Serena Hotel Kampala, sends 89% of staff home; scales down operations as Covid-19 bites

Hardly a week after Uganda confirmed its first Covid-19 patient, Kampala Serena Hotel, one of Kampala’s largest and high-end hotels, has sent home 89% of its staff as it seeks to fend off the second wave of the Covid-19 storm, CEO East Africa has confirmed.

In a WhatsApp interview with this reporter, Anthony Chege, General Manager at Kampala Serena Hotel also confirmed that similar measures, had been taken at their smaller but more luxurious sister hotel- the Lake Victoria Serena Golf Resort & Spa, in Kigo, on the shores of Lake Victoria.

“The Covid 19 pandemic has been unprecedented and the global hospitality industry has never experienced an event of such breath.  As a result, countries have taken different measures to control the spread of the virus both internally and internationally by banning travel. Locally the government has issued directives restricting public gatherings which has negatively affected our business,” Mr. Chege wrote.

“As a result we have had to scale down our operations and have requested our staff to take pending leave and off days. We are currently working with a skeleton staff of about 50 from an establishment of 450 staff. This has also been done in line with the MoH’s directives to remain at home where possible to avoid exposure. We hope that the situation will stabilize soon,” he said.

He did not say for how long and or how many staff have been affected at the Lake Victoria Serena Golf Resort & Spa.

CEO East Africa, also understands that Serena Hotels Africa has closed up to ten of its lodges and camps- five in Kenya and five in Tanzania. The temporary closure goes on up to June 15th 2020.

Mr. Mahmoud Janmohamed, CEO of Serena Hotels said the heavy-hearted decision had been taken to manage liquidity (cash flow) risks but also take care of their staff.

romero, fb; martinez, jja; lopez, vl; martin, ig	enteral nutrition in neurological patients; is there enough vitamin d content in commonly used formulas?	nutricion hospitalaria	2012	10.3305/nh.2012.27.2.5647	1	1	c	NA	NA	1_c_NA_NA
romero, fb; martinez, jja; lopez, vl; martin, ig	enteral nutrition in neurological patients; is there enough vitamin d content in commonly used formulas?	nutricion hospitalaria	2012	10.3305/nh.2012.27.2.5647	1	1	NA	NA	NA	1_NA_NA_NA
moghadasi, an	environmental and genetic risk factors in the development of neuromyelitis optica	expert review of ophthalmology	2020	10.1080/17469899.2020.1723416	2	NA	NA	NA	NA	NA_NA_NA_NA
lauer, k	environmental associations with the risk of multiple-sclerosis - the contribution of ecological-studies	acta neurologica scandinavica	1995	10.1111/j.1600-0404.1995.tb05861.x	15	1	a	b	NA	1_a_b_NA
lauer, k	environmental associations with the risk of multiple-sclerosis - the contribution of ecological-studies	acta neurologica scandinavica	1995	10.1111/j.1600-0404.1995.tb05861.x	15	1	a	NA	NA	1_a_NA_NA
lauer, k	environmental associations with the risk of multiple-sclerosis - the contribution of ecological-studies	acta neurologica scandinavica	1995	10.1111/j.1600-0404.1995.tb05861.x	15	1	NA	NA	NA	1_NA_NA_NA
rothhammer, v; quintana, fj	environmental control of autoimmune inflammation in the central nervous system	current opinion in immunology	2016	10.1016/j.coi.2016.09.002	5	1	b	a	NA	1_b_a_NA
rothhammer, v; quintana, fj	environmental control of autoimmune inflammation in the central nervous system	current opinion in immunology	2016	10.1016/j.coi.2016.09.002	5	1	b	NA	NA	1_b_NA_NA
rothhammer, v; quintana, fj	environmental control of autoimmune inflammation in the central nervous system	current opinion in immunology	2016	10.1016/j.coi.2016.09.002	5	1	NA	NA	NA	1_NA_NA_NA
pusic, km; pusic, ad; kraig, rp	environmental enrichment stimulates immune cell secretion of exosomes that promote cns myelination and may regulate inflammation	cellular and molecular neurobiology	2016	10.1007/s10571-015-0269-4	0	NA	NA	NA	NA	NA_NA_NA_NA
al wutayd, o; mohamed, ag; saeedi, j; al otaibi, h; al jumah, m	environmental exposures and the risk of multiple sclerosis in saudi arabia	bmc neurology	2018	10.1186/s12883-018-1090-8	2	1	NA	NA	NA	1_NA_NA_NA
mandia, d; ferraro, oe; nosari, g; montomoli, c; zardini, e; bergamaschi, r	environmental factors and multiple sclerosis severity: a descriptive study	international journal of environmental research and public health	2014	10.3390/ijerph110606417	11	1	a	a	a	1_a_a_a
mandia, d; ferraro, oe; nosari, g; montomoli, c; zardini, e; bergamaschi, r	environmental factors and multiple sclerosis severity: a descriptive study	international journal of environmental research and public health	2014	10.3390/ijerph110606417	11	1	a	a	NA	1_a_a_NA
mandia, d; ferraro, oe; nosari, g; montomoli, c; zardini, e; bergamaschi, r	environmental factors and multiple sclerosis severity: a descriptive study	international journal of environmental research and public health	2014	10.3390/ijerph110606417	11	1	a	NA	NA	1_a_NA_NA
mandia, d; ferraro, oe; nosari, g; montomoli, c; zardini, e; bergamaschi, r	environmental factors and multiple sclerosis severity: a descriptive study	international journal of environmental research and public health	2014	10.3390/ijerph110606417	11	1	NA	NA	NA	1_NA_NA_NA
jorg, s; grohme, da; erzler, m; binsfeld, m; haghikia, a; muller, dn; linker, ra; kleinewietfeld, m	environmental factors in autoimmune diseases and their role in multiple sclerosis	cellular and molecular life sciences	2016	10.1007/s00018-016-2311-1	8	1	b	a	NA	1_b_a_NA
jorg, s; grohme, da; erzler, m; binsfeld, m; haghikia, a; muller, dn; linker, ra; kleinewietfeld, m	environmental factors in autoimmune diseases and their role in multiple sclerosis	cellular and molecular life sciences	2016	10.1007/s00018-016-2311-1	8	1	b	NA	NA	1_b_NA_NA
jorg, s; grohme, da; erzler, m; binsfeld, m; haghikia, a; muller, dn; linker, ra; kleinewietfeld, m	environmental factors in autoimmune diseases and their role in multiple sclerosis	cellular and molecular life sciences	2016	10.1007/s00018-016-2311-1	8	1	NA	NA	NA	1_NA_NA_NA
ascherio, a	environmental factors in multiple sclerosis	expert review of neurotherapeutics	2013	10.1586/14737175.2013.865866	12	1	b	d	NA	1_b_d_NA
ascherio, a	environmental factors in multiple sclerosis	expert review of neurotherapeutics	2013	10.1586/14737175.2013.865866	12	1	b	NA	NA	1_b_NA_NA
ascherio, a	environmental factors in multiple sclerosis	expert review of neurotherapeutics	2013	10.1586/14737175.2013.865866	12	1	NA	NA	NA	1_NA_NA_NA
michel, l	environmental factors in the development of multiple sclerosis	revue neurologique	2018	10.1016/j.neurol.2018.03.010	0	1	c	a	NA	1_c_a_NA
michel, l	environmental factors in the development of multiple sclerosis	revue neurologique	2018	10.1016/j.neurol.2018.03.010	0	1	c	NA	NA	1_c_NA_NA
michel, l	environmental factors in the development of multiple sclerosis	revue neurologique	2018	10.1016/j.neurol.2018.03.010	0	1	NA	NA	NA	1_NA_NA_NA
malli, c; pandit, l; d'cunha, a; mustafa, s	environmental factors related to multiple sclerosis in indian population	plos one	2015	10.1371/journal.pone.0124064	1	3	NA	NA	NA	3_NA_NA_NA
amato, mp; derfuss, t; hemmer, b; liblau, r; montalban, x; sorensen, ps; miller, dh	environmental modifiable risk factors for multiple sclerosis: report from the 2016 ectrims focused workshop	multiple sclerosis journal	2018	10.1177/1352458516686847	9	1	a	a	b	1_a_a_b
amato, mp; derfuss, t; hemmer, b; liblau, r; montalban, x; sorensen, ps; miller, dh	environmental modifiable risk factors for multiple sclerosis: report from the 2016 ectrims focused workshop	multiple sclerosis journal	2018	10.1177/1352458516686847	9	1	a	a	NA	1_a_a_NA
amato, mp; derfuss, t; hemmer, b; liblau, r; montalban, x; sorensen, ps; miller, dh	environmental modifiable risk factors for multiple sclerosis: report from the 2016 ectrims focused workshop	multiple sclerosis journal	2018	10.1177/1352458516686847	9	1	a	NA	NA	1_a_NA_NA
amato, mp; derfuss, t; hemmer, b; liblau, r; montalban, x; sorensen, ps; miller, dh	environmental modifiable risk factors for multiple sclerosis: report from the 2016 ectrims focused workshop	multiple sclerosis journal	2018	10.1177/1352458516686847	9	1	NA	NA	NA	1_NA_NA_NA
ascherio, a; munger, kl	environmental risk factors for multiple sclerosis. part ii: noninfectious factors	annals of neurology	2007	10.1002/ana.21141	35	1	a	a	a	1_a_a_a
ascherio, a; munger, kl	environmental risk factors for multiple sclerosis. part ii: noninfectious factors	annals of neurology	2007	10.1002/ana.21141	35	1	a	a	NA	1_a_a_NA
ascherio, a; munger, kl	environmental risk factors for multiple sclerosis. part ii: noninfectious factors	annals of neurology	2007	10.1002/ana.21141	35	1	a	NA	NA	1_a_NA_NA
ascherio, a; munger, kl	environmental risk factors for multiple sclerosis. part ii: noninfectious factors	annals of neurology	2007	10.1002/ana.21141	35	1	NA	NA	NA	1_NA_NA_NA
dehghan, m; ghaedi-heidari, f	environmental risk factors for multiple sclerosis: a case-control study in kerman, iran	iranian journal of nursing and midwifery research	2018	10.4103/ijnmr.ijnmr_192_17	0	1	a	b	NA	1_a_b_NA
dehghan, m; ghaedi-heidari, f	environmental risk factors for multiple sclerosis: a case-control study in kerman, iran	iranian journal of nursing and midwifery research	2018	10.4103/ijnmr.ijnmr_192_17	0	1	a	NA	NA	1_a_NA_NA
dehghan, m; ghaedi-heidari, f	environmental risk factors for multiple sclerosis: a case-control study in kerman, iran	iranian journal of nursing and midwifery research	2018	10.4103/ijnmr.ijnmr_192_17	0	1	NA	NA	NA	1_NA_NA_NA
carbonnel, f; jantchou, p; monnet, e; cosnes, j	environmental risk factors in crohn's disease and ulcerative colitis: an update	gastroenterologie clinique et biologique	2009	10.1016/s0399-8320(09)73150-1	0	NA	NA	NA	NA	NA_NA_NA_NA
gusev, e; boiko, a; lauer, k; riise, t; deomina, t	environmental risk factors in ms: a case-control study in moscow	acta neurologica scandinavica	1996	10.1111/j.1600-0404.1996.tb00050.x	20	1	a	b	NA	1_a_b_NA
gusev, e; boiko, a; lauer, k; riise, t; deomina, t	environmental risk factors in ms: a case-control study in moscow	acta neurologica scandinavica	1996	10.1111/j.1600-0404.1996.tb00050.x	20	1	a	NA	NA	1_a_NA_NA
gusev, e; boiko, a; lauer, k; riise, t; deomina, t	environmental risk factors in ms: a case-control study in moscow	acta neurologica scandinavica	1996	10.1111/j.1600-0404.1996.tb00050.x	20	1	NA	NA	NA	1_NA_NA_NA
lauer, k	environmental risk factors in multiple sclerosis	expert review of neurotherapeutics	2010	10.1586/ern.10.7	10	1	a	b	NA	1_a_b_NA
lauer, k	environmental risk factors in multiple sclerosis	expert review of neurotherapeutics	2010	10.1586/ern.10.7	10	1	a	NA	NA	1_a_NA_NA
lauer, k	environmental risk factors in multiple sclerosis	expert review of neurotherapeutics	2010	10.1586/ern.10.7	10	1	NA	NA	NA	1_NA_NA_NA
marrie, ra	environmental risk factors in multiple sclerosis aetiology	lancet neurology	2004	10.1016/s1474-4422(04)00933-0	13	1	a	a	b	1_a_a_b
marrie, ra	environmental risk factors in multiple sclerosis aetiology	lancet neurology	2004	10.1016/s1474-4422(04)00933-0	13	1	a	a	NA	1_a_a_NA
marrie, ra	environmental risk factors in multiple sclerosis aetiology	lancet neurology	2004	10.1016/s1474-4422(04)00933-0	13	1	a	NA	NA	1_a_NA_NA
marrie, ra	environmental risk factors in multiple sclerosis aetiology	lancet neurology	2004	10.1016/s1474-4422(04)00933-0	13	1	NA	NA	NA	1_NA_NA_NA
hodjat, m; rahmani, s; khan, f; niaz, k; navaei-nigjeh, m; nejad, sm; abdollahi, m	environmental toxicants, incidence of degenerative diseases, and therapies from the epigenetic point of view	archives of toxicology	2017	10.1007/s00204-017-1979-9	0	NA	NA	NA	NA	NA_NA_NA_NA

“Never in the 40-year history of Serena Hotels has any event of this breadth and scale impacted the global hospitality industry than COvid-19,” he said.

Today, the Ruparelia Group also closed four of their hotels- Speke Resort and Conference CentreMunyonyo Commonwealth Resort, Dolphin Suites, and Forest Cottages till such a time when the Covid-19 effects have cleared.

The Group’s Chairman and Founder, Dr. Sudhir Ruparelia said that the Group would keep small sections of the other group-owned hotels open. Other hotels include Kabira Country Club, Speke Hotel, Speke Apartments Wampewo, and Speke Apartments Kitante.

Other hotels in the city like the Simba Group-owned Protea Hotel by Marriott Kampala and Protea Hotel by Marriott Kampala Skyz- are also in partial lockdown and staff are said to have taken pay-cuts as the situation normalizes.

Although it is hardly since Uganda confirmed its first Covid-19 patient on March 22nd followed by a raft of presidential directives closing down all of Uganda’s borders and all entertainment places, including hotel in-house bars, most of Uganda’s high-end hotels that survive on international travelers and business meetings were already beginning to feel the pinch. According to Susan Muhwezi, the Chairlady, Uganda Hotel Owners Association and Vice-Chairperson, Uganda Tourism Board, as of March 15, 2020, an estimated USD 2,089,129 (UGX 8 billion) had been lost in cancellations from only the top 5 city hotels alone.

The tourism industry is engaging the government for a stimulus package that includes tax deferments, the government negotiated bank loan repayment deferrals among others, but the government is yet to commit itself. The tourism industry says it urgently needs this intervention to stay afloat and keep jobs.

CEO East Africa yesterday, quoted Anne Juuko, the Stanbic Bank Uganda Chief Executive Officer saying that of all the sectors that have been affected by the Covid-19 crisis and are approaching the bank to renegotiate and or negotiate credit packages, the tourism industry is feeling the most heat.

The tourism industry is Uganda’s largest forex earner. At USD1.6 billion, tourism earnings in FY18/19 were bigger than the export earnings of Uganda’s leading 17 agriculture exports combined!

The sector at the end of 2018, employed 667,600 people which constituted 6.7% of all total employment. Worth noting is that the hospitality sector contributes up to 90% of all the jobs in the tourism industry with 58% of all jobs going to women and 77% of jobs to the youth- (18-30 years).

95% of the hotels are owned by the private sector and of these, 75% are owned by Ugandan private players, 13% by other African private players and 7% by other international players.

Source: The CEO East Africa